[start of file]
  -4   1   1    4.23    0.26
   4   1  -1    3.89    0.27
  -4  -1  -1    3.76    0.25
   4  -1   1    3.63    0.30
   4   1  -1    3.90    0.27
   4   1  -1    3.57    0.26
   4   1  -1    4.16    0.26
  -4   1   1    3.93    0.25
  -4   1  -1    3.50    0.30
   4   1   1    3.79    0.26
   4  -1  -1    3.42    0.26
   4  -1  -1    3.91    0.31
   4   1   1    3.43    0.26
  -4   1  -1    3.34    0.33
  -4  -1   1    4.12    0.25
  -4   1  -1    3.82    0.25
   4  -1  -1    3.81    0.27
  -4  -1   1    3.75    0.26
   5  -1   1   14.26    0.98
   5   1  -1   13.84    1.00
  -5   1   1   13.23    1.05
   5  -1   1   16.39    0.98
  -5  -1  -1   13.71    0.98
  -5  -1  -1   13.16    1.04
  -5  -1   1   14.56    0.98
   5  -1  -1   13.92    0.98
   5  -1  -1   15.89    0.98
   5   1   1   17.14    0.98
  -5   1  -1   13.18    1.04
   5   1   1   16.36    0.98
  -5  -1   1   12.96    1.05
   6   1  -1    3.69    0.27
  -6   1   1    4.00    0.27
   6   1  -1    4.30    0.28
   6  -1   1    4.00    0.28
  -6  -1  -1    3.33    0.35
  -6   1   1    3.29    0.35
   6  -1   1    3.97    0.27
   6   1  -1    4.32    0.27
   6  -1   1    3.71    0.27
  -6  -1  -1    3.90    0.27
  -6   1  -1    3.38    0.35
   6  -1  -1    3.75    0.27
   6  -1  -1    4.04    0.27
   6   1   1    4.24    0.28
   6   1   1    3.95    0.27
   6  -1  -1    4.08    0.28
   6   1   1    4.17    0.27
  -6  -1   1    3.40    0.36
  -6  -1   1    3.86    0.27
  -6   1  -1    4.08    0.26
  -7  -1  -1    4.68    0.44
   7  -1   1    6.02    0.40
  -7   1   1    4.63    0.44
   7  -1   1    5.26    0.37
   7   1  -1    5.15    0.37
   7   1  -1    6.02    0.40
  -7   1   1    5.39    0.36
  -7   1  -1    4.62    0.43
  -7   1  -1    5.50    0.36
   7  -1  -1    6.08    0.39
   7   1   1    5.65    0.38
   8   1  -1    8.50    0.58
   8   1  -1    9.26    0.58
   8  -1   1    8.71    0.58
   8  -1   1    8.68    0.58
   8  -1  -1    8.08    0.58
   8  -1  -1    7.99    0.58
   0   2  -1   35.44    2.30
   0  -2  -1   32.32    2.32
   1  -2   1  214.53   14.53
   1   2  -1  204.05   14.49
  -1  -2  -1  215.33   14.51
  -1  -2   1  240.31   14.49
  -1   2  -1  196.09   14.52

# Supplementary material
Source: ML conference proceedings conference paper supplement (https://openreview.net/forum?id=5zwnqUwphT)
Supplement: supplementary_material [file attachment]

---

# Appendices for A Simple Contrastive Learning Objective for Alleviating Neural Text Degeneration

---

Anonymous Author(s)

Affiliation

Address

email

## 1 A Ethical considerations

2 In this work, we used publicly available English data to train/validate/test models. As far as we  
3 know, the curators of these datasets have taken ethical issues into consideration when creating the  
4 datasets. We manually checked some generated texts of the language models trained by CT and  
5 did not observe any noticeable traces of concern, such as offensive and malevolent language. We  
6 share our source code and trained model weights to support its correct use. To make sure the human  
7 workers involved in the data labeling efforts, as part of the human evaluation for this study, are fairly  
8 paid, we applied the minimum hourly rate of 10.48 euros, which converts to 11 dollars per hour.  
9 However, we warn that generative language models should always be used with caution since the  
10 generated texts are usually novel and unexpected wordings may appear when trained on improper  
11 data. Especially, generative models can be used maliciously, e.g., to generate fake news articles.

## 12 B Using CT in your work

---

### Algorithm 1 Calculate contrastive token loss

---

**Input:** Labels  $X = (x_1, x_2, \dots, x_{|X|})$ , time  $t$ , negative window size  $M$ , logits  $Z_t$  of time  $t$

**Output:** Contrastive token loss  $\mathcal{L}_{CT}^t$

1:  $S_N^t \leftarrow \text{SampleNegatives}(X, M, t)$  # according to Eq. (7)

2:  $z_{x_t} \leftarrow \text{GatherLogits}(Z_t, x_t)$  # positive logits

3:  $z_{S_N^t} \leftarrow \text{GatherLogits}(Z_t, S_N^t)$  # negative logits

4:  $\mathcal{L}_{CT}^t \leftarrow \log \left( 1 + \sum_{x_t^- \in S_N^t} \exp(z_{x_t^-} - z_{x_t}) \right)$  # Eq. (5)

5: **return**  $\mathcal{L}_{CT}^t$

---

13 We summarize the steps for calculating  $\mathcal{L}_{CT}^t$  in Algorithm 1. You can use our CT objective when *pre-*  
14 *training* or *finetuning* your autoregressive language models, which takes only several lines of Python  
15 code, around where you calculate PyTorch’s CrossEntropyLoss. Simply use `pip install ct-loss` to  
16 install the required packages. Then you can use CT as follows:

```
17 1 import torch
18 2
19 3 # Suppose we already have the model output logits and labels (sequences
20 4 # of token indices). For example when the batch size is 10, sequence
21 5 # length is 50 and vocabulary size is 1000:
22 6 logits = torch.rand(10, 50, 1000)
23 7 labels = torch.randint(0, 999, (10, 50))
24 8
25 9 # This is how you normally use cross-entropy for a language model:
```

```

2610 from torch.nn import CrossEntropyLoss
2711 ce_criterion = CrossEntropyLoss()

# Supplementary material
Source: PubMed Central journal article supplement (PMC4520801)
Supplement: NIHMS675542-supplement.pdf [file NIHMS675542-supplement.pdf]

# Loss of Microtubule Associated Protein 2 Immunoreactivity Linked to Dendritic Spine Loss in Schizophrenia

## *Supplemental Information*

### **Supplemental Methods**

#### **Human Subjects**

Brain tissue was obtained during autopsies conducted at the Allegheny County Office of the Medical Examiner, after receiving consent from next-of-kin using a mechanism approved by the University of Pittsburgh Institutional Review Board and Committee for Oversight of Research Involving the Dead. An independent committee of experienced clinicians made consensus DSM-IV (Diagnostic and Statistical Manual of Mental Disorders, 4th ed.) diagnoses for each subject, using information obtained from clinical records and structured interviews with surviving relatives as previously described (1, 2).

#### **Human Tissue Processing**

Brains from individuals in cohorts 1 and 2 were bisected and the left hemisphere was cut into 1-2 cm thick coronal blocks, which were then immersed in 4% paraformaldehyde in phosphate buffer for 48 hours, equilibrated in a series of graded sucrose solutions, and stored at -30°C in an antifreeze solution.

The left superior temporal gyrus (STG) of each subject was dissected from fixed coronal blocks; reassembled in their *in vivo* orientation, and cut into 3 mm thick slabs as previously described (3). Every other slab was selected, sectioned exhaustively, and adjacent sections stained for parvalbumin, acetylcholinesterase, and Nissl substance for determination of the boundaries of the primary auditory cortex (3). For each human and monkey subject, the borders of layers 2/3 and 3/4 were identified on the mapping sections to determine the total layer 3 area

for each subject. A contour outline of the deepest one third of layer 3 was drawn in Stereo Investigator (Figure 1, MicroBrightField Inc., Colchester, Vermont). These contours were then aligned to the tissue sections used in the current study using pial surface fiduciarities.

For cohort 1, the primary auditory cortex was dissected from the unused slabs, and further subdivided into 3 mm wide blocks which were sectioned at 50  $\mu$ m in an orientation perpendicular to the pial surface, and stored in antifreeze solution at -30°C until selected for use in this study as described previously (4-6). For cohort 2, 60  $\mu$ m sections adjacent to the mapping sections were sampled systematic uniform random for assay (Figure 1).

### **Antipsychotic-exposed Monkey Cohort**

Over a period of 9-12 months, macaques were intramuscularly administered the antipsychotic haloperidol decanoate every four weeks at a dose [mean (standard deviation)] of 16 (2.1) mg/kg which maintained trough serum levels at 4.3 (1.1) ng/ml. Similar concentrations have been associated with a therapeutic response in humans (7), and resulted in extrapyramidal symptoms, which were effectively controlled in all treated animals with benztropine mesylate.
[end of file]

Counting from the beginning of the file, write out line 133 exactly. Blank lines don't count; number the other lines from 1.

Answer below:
#### **Human Subjects**